Rossana Orlandi [pt 1/4] @ Salone Milan 2017

Rossana Orlandi [pt 1/4] @ Salone Milan 2017

A true innovator and one of the most influent person in forecasting young and upcoming designers Rossana Orlandi has become a design icon herself.

Born in 1943 and raised in the town of Cassano Magnago, about 25 miles northwest of Milan, Orlandi had an upbringing that was simple and quiet.

“I was super happy,” she says, “but also super bored.” The daughter of parents in the textile-production industry and the youngest of four children—along with two brothers and a sister — Orlandi found herself to be a dreamer, constantly thinking of Milan and beyond. “I always lived in my own world—followed my own ideas. It was a lot of fantasy,” she says. “I was quite outside of the family.”


In her teens, her sister, Susy Gandini, who was 11 years older than Orlandi, opened up her imagination to another realm: high fashion. Gandini worked in Paris with major French houses to develop ideas, materials, and fabrics, traveling in circles with the likes of Karl Lagerfeld and Yves Saint Laurent.

In her mid-teens—“terribly shy, much more so than now”—Orlandi was able, through Gandini, to visit Coco Chanel in her atelier.

“When I saw [Chanel’s] two hands move, I realized she was the most beautiful woman I’d ever met in my life,” Orlandi says. “She was so old, but so full of energy, so charming.”

During this time she became interested in art and design, and knew it would be her path, despite being forced into a more traditional education. ‘

Then, “as soon as I got my driver’s license,” she says, “I left my small village and came to Milano.”

At age 17, she enrolled in the Istituto Marangoni, where she studied textiles.

Her gallery in Milan is a bastion of ground breaking contemporary design.

This former factory is so much more than just a showcase for everything from high-end sofas to plastic forks and coloured toilet paper. It is also a laboratory for emerging designers.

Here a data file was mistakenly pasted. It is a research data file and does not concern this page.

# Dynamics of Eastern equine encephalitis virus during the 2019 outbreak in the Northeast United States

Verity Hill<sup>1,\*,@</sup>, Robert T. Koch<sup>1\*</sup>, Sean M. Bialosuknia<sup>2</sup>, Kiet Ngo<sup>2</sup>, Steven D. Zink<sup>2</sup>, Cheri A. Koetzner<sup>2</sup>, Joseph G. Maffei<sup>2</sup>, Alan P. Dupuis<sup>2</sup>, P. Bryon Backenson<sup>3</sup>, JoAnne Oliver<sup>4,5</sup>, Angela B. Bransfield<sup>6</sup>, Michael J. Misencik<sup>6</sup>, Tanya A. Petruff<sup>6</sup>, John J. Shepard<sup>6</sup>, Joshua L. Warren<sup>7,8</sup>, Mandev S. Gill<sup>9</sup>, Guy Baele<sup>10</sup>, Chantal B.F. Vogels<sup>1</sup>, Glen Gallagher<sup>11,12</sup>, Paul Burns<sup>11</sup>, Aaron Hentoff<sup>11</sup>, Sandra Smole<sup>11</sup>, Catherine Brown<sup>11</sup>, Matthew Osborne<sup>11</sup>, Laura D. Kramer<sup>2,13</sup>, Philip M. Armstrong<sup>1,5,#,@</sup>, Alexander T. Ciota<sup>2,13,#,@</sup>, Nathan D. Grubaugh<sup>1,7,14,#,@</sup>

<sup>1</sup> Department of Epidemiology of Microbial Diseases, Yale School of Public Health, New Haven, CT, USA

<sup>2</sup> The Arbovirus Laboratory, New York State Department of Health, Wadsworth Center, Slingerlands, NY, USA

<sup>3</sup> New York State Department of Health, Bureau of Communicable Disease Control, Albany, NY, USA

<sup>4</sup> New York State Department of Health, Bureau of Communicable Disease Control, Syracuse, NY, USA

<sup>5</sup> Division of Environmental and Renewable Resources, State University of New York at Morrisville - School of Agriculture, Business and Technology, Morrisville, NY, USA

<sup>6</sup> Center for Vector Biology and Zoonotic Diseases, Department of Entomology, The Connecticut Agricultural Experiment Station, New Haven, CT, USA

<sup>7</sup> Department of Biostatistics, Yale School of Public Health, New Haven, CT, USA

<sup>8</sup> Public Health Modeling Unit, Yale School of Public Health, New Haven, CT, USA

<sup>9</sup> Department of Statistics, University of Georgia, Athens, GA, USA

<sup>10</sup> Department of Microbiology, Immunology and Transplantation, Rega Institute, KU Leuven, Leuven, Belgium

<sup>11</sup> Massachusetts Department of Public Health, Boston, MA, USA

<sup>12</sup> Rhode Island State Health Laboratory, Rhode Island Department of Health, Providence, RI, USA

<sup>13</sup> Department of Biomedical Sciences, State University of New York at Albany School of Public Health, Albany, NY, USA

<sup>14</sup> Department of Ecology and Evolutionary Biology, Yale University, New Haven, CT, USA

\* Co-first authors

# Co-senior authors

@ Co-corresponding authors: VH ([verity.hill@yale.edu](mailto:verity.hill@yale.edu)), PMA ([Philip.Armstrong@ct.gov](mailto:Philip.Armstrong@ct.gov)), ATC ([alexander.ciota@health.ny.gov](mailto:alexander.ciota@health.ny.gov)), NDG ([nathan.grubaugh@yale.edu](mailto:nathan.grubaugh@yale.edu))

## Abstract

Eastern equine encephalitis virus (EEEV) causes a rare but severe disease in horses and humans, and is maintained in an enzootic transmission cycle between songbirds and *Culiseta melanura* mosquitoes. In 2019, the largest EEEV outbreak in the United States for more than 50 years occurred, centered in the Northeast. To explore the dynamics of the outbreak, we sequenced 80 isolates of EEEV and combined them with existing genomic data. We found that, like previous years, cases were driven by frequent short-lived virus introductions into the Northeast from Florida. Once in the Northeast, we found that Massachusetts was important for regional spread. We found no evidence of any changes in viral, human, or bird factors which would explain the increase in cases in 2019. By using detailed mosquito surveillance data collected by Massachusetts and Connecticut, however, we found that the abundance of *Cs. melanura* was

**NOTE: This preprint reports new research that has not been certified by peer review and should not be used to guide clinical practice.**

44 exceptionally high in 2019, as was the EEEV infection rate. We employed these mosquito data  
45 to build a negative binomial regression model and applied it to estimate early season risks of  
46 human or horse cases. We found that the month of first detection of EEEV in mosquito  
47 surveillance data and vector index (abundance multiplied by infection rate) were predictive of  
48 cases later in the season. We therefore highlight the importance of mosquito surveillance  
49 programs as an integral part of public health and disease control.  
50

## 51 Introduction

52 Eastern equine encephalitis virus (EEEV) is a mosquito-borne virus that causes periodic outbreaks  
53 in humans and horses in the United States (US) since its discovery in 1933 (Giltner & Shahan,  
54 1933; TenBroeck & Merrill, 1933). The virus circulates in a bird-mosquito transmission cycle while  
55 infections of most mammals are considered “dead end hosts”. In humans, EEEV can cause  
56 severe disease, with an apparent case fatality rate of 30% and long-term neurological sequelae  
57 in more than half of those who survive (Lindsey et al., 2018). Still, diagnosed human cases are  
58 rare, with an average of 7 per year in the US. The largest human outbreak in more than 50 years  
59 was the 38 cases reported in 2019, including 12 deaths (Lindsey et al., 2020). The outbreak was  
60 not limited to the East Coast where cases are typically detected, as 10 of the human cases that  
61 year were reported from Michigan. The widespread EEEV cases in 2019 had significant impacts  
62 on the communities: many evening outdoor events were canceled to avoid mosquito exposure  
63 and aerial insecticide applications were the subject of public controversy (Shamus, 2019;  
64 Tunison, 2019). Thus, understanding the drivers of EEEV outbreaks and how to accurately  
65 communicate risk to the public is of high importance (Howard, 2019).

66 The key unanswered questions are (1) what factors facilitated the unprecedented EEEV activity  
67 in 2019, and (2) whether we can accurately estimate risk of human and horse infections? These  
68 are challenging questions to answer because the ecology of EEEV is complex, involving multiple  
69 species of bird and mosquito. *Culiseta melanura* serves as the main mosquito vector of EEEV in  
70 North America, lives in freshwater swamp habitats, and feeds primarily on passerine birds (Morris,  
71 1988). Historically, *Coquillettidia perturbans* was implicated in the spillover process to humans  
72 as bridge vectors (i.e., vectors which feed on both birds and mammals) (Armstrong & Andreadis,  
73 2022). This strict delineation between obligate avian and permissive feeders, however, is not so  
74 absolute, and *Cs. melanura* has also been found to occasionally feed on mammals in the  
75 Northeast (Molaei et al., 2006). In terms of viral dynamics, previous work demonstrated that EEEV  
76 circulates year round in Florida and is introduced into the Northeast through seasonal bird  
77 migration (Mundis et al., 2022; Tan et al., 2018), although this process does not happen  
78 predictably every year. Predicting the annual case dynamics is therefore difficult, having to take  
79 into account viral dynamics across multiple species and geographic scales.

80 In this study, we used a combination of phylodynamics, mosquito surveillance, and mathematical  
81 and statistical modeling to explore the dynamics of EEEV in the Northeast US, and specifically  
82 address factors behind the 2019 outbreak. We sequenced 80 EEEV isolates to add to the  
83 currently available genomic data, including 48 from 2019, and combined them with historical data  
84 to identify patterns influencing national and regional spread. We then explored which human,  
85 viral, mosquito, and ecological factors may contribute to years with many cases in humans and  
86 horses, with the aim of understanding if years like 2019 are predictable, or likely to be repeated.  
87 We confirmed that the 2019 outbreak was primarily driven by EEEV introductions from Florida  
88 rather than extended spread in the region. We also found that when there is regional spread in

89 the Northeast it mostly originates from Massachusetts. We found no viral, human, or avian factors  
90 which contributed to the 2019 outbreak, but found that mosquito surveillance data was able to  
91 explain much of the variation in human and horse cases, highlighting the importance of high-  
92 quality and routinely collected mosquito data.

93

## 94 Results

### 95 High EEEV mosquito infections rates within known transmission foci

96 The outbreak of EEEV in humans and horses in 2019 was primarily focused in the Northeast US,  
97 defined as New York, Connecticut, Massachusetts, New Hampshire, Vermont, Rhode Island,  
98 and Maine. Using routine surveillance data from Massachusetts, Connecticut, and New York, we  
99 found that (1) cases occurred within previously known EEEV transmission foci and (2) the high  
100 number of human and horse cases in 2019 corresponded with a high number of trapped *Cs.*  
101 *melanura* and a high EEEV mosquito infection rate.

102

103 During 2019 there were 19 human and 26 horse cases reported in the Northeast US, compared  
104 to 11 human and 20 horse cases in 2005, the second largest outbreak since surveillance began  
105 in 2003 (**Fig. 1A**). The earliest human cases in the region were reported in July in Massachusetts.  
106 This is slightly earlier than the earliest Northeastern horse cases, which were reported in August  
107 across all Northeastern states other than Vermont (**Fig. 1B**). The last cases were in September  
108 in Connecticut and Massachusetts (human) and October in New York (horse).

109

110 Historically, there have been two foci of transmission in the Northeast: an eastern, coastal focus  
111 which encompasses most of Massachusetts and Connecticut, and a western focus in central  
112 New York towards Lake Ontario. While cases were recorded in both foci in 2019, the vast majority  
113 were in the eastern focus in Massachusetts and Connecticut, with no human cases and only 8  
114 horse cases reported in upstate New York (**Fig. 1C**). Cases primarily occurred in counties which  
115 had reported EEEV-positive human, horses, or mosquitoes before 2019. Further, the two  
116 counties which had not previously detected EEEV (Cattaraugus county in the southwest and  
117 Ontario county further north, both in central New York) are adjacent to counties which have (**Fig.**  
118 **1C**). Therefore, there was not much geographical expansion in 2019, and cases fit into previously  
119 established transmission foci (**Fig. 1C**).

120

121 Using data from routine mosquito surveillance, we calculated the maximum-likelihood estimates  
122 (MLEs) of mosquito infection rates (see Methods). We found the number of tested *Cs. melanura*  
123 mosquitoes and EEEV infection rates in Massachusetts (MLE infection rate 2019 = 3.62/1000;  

Entering Spazio Rossana Orlandi is a wonder at every step as you pass the courtyard and begin to stroll through its hivelike spaces, you don’t know what you’ll find around each corner.

Much of the original aura of the building is intact, which contributes to the soul of the place.

The interiors seem to bleed together, a fantastic mass of more than a dozen rooms, filled to the gills with an unexpected mix of objects, vintage and new, some practical, others entirely not.

In the gallery, you’re likely to find Orlandi briskly walking down a corridor, sunglasses on, a half-smoked cigarette sticking out of her mouth, adjusting this, moving that.

Even after 15 years, the gallery feels fresh. More than just a launching pad for young designers, it’s become an established, club-like community of them.


She officially opened the space as Spazio Rossana Orlandi in 2002 with a photography exhibition organized by her daughter.

A design presentation during Salone followed shortly thereafter.

At first, Orlandi planned to focus on Italian design, but quickly realized how limiting in scope that would be.

“I wanted to work with and promote Italian designers,” she says. “But honestly, at that time—I speak of younger designers then—I couldn’t find anybody. So I found work from all over the world.”

Very quickly, Orlandi gained a reputation for selecting works by young and unsung artists and designers, as well as for working with then rising stars like Tom Dixon, Marcel Wanders, Studio Job, Piet Ein Heek, Jaime Hayon, Nacho Carbonell, Maarten Baas, Scholten & Baijings, Front Design —and for displaying it all in a way that could best be described as organized chaos.

They can all attest their entry into the highest echelon of global design to this tiny Italian lady.

Piet Hein Eek


“She’s like the Anna Wintour of design,” Fernando Mastrangelo, Brooklyn-based designer, says. “She’s got that vibe, at least.” And at 73, her energy—which Mastrangelo likens to that of the Energizer Bunny—is contagious.

Fernando Mastrangelo


The British designer Lee Broom recalls how, at an off-site presentation he organized during Salone in 2015, he had a chaise on display that was perched on a very large, unapproachable plinth.

“Rossana proceeded to climb it to test out the chaise for herself, much to the delight of onlookers,” Broom says. Her curiosity is childlike.

Lee Broom


A sort of magic seemed to coalesce around Orlandi, as well as around the artists and designers she was showing, and it still does today.

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